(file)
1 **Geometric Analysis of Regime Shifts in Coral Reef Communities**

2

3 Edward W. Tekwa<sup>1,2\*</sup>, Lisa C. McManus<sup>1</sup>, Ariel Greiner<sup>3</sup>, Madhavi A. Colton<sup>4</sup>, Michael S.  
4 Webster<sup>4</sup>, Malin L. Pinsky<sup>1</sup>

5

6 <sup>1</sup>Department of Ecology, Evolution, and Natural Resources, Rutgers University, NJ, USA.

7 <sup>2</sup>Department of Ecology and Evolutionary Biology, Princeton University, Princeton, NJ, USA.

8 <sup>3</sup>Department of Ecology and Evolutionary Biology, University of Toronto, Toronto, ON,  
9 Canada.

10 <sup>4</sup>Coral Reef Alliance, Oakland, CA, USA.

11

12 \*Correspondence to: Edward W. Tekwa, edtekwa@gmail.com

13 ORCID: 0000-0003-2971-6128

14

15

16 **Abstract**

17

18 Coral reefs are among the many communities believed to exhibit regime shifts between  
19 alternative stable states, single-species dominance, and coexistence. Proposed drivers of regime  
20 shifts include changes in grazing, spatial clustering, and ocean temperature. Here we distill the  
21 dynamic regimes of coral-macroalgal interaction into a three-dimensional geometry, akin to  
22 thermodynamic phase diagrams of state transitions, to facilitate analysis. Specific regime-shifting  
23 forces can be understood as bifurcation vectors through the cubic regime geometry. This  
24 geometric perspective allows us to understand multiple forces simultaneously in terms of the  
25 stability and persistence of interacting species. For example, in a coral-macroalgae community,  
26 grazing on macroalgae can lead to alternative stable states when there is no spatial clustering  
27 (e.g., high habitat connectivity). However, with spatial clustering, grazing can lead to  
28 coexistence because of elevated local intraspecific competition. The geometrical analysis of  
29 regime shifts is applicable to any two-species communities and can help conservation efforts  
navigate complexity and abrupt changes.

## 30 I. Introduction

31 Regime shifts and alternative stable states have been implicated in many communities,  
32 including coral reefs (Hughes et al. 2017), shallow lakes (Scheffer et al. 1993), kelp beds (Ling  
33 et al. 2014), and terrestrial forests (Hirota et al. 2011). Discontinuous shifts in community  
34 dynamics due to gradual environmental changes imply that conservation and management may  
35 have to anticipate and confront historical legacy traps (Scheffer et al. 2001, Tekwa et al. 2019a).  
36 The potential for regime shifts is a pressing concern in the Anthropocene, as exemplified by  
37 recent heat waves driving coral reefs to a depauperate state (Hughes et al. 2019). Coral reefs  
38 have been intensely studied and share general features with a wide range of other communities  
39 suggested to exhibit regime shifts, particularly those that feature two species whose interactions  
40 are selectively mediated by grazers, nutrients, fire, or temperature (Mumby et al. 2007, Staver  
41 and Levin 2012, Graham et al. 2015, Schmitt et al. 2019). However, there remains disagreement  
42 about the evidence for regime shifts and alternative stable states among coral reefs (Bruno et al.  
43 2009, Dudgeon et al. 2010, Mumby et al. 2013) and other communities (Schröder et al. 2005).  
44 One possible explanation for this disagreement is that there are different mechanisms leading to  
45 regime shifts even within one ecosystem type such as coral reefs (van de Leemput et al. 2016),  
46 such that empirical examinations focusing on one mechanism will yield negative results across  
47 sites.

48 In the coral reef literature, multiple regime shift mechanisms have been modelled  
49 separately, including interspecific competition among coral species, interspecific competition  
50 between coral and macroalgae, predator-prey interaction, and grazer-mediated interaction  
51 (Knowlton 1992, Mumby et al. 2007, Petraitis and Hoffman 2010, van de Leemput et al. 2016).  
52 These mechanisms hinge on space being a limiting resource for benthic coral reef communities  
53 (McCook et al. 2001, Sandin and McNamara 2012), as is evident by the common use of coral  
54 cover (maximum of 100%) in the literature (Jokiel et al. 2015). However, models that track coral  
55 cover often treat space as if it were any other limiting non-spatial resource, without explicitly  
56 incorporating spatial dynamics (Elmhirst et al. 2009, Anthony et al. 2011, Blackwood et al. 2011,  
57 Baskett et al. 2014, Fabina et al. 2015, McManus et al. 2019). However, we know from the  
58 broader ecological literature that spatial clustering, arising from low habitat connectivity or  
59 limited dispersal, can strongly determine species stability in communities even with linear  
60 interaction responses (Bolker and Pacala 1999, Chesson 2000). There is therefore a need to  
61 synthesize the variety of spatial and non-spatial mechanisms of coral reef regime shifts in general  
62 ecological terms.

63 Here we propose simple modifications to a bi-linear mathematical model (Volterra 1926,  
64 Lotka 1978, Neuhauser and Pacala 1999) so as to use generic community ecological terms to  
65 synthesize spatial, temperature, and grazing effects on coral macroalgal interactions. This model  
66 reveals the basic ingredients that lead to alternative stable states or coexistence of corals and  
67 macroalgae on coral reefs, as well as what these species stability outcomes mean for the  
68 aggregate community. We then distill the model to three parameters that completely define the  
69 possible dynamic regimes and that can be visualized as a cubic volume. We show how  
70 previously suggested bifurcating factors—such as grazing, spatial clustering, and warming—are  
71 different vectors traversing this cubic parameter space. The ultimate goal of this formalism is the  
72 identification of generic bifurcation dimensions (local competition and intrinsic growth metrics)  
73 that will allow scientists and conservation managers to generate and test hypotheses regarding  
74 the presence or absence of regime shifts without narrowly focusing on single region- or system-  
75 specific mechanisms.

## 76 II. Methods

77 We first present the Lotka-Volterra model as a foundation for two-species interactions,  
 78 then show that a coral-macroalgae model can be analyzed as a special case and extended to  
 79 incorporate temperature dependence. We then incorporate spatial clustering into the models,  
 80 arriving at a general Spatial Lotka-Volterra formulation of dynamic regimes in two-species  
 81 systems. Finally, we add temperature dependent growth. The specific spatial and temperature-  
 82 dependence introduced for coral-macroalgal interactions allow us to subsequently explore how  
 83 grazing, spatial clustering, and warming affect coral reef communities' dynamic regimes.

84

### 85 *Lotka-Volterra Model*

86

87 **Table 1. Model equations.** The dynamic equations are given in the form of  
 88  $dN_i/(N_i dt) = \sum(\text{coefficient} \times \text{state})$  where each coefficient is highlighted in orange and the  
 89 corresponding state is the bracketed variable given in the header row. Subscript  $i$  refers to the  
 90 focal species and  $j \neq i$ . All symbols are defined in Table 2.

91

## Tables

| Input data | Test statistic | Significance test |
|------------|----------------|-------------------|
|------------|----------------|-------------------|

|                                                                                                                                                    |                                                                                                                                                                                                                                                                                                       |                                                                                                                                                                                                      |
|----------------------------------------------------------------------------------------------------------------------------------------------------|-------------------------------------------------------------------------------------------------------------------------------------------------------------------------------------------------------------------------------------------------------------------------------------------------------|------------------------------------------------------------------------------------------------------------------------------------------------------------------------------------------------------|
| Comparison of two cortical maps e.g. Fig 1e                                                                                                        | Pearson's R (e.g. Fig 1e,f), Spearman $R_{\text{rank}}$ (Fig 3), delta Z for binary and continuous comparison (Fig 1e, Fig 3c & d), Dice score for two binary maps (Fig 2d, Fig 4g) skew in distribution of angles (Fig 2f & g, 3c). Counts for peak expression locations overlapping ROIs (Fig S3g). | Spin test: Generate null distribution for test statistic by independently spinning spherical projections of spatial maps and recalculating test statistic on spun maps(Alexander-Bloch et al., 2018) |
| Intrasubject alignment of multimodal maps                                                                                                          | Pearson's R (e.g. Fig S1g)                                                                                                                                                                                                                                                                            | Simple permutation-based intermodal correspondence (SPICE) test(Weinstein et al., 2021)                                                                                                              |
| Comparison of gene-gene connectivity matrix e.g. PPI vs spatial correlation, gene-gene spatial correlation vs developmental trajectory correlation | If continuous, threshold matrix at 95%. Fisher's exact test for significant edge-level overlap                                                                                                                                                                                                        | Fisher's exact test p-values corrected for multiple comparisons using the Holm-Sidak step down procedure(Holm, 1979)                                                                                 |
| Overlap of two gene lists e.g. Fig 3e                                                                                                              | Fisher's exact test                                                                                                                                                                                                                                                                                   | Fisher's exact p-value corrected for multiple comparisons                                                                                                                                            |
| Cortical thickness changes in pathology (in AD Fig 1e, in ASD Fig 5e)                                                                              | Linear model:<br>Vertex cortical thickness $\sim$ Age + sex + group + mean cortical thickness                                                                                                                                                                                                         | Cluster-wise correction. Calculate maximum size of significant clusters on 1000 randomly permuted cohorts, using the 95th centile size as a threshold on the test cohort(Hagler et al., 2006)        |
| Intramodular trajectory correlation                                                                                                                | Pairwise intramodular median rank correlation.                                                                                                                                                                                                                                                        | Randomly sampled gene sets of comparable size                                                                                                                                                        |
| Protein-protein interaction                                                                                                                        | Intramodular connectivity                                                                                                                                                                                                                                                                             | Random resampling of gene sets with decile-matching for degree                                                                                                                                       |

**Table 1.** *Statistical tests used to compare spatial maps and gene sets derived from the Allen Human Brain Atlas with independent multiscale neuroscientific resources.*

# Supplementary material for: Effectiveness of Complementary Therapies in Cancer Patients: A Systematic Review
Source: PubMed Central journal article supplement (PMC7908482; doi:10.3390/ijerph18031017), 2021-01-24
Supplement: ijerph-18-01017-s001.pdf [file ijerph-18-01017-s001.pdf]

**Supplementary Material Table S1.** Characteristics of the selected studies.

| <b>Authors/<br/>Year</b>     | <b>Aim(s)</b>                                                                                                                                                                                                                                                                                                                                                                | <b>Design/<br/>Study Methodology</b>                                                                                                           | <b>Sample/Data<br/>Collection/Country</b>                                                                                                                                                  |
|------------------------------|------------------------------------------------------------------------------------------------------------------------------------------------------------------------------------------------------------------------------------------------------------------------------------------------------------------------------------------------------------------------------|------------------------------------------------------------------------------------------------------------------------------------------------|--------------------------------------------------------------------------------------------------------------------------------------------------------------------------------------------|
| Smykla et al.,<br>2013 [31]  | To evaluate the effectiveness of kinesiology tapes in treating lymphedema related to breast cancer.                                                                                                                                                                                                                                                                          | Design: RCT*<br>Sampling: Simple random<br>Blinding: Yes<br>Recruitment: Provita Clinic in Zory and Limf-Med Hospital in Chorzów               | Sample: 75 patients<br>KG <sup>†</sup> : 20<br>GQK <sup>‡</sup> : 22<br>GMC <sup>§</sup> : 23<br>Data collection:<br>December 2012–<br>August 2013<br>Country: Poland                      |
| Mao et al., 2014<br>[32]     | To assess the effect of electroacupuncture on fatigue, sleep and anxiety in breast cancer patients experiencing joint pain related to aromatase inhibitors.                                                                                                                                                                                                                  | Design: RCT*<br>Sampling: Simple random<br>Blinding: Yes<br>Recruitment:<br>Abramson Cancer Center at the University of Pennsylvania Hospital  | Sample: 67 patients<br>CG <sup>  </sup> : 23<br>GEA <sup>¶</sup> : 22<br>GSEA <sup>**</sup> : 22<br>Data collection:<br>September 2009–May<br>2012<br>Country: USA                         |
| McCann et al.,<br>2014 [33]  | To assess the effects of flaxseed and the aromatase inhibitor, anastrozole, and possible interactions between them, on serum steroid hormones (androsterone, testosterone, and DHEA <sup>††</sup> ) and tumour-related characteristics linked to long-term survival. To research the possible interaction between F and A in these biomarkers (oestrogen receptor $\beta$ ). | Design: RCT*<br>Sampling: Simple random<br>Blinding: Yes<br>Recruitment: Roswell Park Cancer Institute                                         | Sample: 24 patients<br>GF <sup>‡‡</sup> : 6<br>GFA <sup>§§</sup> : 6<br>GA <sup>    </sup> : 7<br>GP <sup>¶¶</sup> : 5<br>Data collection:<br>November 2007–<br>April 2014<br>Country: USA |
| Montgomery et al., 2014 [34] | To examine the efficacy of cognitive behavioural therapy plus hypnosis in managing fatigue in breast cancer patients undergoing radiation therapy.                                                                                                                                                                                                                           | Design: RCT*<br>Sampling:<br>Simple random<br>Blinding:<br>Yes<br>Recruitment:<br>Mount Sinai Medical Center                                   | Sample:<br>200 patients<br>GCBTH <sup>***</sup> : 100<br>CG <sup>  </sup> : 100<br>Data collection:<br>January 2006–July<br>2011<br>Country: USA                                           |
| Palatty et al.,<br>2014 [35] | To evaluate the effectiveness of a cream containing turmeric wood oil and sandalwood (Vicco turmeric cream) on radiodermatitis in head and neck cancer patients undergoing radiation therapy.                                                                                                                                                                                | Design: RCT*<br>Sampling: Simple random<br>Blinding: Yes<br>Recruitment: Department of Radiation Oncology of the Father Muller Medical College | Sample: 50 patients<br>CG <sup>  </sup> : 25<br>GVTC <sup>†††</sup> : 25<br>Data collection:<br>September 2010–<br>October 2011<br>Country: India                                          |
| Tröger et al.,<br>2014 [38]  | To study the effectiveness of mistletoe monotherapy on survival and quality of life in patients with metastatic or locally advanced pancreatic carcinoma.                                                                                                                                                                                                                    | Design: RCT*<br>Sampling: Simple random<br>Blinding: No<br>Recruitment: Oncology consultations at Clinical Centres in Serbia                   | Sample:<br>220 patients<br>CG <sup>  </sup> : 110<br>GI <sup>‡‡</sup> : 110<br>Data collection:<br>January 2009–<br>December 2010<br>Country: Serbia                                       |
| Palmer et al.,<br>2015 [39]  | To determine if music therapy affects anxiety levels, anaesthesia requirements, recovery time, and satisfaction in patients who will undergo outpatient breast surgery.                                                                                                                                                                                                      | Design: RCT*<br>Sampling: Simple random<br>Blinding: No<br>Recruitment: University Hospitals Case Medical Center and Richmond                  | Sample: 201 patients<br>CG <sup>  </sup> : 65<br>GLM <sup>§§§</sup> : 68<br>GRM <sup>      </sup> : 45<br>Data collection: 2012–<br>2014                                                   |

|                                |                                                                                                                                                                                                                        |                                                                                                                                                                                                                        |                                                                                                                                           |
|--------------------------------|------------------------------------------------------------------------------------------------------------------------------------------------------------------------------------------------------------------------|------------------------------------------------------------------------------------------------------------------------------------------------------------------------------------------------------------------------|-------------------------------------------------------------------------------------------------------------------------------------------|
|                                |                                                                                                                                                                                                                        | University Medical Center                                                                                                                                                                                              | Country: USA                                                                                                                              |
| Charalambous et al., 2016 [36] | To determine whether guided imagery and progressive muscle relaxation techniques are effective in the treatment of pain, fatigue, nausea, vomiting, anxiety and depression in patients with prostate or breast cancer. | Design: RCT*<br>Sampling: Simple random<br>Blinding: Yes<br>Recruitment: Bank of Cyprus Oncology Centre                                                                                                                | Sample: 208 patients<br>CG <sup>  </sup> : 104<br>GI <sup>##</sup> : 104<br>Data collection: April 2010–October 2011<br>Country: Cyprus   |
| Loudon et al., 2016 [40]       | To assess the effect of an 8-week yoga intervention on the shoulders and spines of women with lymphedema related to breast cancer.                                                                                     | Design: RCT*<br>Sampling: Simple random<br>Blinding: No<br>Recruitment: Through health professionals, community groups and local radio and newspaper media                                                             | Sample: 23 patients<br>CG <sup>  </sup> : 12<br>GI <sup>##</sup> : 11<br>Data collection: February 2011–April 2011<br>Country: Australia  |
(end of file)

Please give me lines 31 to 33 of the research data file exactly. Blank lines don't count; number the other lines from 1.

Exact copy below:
## 30 I. Introduction

31 Regime shifts and alternative stable states have been implicated in many communities,  
32 including coral reefs (Hughes et al. 2017), shallow lakes (Scheffer et al. 1993), kelp beds (Ling  